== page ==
Prime Minister Tony Abbott says his government will offer hope to Holden workers affected by the company’s decision to stop building cars in Australia.

Prime Minister Tony Abbott says it is a “sad, bad day” for Australian manufacturing and has pledged a strategic response to help workers affected by Holden’s decision to stop making cars locally from 2017.

The government will in the coming days release a “considered package” of measures to rebuild confidence in the long-term future of manufacturing and the regions of Adelaide and Melbourne where Holden operates, he told parliament on Wednesday.

“I don’t want to pretend to the parliament that this is anything other than a dark day for Australian manufacturing,” Mr Abbott said.

But Australia had strengths in component manufacturing, research and development, higher education and biomedical science that could be built upon, he said.

“The government will be announcing measures in coming days that … will offer hope for the people of the regions impacted,” Mr Abbott said.

Holden’s announcement was not entirely unexpected but was “very bad news” that would cost 2900 jobs at the car maker and put at risk thousands more in up to 150 suppliers, he said.

Mr Abbott said it was time for a strategic response to the difficulties in manufacturing, and particularly in the motor industry.

“It is not the time to play politics, it’s not the time to indulge in the blame game, it’s not the time to peddle false hope,” the prime minister said.

“It’s a time for a candid and constructive conversation with the Australian people, and it is time for a considered and constructive response from government.

“And that’s exactly what this government will be providing in coming days.”

Mr Abbott said there was no way he could gloss over the fact this was “a sad, bad day” for Holden workers, their families and communities.

But he said there had been hard times before and Australian industrial centres had come through.

“They have flourished through hard times,” he said, citing Newcastle’s growth after BHP ceased steelmaking.

Adelaide in particular had suffered a series of knocks, including Mitsubishi ending operations.

“But there is much that we can be hopeful and optimistic about in the resilience of the South Australian economy, particularly if government can do all that is necessary to ensure that the Olympic Dam mine expansion goes ahead,” he said.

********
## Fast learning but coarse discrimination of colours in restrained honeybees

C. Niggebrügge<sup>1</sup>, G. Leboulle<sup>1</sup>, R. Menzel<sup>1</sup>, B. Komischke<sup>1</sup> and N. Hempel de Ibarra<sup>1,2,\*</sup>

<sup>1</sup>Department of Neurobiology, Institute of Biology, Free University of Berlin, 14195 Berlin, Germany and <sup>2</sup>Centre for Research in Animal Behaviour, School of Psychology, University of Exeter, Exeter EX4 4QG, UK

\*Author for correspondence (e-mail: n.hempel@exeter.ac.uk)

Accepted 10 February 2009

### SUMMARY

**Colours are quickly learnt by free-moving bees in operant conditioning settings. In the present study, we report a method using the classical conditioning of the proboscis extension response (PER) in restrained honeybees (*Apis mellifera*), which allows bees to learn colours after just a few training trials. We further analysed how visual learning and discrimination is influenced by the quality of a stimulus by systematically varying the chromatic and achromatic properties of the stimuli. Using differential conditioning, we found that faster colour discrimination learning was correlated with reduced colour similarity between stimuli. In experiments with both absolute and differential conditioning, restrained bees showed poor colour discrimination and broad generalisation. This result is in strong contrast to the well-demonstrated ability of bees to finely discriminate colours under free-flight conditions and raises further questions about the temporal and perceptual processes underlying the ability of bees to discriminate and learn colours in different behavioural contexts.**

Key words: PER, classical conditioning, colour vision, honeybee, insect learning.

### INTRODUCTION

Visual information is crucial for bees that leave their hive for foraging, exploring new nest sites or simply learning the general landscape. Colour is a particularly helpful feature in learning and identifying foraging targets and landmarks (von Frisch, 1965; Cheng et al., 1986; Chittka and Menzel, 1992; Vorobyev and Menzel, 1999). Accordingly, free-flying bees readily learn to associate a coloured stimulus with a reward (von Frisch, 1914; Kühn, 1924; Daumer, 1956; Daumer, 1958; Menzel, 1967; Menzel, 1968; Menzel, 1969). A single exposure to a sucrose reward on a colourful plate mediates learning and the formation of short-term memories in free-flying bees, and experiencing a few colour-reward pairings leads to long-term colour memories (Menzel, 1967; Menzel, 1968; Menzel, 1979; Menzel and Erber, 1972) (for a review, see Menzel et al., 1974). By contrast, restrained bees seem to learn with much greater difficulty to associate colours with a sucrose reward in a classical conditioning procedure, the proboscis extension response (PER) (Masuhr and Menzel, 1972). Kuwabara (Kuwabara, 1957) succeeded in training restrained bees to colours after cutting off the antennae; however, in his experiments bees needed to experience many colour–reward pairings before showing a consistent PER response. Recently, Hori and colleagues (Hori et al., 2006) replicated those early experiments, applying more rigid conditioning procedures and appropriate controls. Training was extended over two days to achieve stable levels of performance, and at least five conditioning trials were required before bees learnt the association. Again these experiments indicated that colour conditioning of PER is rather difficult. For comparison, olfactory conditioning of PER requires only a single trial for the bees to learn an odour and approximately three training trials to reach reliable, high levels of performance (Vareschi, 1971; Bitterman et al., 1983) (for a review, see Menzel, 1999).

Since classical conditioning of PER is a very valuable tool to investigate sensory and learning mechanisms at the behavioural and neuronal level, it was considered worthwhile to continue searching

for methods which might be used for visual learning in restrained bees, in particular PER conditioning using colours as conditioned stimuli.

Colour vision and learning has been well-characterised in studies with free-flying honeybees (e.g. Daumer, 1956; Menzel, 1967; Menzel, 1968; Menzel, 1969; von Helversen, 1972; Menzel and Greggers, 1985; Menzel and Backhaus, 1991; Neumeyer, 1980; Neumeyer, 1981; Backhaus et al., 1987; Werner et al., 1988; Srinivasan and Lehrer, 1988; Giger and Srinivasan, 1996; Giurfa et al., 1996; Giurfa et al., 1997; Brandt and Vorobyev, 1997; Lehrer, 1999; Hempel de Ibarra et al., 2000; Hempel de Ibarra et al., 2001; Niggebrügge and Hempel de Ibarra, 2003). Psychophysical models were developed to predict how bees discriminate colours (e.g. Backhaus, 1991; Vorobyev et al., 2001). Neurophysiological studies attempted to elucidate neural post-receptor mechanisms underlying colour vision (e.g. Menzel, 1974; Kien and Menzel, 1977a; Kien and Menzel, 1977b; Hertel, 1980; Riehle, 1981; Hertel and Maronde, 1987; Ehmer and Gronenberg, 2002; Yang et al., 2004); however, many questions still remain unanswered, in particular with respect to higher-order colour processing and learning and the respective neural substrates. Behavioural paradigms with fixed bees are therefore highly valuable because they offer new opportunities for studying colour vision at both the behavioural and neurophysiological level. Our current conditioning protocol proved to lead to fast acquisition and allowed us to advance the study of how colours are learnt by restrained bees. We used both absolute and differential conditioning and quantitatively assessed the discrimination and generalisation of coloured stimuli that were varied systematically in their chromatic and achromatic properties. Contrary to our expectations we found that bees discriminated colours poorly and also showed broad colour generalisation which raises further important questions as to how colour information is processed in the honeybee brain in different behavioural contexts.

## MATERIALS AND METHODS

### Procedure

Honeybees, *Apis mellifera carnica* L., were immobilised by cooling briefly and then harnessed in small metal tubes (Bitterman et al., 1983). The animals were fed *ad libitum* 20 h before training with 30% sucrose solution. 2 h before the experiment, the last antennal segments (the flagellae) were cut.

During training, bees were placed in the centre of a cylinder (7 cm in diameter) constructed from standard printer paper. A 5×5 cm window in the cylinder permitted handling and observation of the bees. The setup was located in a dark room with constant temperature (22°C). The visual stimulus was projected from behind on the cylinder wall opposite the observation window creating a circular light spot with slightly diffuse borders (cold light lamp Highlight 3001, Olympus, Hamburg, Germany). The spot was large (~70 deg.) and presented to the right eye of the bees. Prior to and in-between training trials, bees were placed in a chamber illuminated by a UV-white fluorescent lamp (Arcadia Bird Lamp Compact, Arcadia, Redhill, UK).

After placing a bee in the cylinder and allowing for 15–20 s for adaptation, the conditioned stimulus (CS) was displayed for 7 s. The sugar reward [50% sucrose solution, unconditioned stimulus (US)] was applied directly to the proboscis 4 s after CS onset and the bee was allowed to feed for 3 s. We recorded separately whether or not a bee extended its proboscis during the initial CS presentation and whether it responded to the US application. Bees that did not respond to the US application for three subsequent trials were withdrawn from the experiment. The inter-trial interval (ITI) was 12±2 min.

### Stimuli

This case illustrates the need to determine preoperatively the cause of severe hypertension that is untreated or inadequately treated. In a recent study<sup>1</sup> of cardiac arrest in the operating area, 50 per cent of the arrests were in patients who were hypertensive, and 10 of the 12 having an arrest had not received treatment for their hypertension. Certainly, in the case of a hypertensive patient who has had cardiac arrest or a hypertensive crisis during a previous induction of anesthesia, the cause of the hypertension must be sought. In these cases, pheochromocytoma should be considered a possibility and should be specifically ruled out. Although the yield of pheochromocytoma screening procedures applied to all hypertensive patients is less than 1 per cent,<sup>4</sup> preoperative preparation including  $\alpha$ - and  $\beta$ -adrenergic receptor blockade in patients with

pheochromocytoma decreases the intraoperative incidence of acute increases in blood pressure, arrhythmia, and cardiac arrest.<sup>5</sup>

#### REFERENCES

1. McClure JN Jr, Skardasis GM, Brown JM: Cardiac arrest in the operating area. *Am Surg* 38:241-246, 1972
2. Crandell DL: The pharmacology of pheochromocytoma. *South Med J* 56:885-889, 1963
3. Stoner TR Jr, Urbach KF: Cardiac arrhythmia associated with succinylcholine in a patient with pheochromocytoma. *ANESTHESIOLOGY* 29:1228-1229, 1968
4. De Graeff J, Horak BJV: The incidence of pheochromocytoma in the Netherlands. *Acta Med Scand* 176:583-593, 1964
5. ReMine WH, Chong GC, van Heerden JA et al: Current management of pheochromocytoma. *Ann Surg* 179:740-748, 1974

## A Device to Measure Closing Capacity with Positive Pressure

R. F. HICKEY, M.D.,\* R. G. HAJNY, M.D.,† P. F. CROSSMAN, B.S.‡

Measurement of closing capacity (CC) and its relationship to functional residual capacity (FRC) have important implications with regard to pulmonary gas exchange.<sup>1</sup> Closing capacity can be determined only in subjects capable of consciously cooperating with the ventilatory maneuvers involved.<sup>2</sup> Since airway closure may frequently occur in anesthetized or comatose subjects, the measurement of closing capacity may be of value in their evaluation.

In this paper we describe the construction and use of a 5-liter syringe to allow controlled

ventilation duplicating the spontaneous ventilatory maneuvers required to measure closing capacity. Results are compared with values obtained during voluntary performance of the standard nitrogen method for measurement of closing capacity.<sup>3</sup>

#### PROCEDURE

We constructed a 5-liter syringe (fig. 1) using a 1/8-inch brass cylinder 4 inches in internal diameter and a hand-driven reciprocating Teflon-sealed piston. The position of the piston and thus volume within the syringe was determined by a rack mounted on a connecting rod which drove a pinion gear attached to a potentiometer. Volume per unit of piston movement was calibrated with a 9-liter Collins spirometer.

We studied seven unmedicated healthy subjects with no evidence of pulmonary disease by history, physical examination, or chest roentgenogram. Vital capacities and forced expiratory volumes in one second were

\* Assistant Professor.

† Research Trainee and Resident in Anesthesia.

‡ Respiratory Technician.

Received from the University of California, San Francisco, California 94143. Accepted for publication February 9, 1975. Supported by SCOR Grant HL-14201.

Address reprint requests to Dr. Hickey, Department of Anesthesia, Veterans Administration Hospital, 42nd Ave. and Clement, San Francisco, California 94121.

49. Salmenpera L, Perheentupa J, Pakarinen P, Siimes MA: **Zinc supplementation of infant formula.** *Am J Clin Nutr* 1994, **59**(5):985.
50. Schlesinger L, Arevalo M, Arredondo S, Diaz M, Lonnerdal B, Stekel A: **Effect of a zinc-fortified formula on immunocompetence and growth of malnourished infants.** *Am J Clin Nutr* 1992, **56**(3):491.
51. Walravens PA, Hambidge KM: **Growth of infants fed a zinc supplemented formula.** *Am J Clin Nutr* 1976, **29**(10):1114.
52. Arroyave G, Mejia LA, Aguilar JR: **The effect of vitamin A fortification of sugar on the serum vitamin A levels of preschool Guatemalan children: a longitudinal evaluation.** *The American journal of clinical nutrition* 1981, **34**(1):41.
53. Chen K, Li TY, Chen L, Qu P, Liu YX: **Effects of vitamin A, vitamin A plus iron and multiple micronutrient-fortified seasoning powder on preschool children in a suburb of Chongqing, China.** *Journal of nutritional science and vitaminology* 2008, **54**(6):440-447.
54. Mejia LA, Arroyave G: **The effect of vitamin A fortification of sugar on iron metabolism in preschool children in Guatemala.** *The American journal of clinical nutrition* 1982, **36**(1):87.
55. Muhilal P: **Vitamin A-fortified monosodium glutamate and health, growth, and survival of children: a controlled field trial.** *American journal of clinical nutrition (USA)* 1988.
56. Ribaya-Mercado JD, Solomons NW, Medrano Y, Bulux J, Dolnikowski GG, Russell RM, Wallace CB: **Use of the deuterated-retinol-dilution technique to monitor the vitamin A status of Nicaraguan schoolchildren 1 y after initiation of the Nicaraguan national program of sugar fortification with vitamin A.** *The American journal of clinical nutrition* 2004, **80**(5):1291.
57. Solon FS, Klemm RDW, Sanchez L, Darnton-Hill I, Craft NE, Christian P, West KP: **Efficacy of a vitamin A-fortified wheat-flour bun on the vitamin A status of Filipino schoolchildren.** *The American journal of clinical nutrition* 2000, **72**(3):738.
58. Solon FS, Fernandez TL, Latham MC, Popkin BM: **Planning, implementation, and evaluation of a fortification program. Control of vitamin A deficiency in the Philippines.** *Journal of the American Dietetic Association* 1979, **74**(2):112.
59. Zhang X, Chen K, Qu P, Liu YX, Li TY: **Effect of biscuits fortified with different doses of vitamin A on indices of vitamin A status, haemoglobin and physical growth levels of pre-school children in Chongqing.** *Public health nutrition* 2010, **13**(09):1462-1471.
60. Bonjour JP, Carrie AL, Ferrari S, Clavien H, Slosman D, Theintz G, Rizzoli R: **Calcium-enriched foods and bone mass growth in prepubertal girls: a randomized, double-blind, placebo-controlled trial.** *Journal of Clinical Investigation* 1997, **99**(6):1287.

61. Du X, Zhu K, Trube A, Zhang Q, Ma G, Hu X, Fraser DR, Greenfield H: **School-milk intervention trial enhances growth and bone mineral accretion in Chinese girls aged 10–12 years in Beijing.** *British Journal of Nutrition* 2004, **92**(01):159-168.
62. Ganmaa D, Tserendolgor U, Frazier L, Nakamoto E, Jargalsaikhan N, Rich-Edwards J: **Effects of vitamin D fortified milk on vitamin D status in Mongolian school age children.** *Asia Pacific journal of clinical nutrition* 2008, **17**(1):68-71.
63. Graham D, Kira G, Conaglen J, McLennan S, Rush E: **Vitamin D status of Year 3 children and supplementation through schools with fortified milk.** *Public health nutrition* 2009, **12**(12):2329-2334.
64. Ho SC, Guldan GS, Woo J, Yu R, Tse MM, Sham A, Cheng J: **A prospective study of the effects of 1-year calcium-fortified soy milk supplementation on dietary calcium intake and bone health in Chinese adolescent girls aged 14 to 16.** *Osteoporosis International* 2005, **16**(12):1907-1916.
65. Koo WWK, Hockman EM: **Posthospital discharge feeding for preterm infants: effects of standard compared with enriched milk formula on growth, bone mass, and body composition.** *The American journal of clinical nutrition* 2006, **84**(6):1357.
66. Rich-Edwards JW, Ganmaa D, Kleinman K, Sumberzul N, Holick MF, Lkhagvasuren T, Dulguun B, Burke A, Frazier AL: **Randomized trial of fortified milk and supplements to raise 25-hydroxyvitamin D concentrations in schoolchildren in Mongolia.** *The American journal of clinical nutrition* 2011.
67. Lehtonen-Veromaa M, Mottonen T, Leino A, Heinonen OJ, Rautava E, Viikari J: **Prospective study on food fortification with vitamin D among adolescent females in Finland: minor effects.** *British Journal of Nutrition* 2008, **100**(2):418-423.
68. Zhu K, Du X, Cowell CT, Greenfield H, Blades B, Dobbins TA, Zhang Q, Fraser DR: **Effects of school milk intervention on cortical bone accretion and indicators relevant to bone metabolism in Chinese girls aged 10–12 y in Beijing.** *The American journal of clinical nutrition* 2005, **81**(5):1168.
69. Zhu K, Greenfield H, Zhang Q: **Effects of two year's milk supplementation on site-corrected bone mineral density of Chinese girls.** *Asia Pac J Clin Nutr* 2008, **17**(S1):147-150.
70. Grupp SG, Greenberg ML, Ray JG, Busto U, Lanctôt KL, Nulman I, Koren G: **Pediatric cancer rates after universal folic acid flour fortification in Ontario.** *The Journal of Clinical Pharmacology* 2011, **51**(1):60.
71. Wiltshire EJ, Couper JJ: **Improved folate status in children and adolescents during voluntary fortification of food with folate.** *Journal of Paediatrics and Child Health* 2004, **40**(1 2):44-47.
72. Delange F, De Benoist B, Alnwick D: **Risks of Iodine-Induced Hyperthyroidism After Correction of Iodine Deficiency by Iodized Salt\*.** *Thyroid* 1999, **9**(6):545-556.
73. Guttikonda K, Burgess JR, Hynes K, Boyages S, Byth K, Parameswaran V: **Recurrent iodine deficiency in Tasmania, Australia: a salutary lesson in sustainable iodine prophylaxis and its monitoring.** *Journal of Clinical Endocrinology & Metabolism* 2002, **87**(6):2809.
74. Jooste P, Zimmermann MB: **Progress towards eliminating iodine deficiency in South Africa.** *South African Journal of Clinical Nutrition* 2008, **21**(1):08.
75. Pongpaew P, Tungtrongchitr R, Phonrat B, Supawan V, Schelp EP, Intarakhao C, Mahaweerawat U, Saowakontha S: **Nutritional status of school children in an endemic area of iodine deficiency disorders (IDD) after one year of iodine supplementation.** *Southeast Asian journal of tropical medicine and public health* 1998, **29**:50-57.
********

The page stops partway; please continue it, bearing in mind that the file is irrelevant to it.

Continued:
“There will be better days ahead.”

Opposition leader Bill Shorten accused the government of daring Holden to sack people, saying the coalition knows the “price of everything and the value of nothing”.

Mr Shorten said the opposition were “appalled” by the government’s handling of crisis, which he likened to a high stakes game of poker.

“A major company who has been building motor cars in this country since after the Second World War has effectively been goaded to give up on this country,” the Labor leader told parliament.

“Today, some in the government have got what they wanted.

“There has been a game of high stakes political poker played and unfortunately the bluff was called and the losers are thousands of Australian automotive workers and their families.”

Mr Shorten said something had changed between Holden and the government in the past 24 hours.

“They were told by the federal government of Australia, who were elected to govern for all, that there would be no more support, no more investment, and I believe, that Holden were pushed,” he said.

Mr Shorten called on Mr Abbott to urgently step in.

“(He needs) to deal with the mess and chaos that has occurred in his absence,” he said.

He added that he didn’t believe it was inevitable that Holden had to stop manufacturing in Australia.

“We understand that structural change happens in the Australian economy, what we don’t understand is when the Australian government tries to sabotage its own industry,” Mr Shorten said, which prompted Treasurer Joe Hockey to storm out of the parliament.

Mr Shorten finished by saying that while he agreed with Mr Abbott that it was “a sad, bad day” for Holden workers, it was a result of a “sad, bad government”.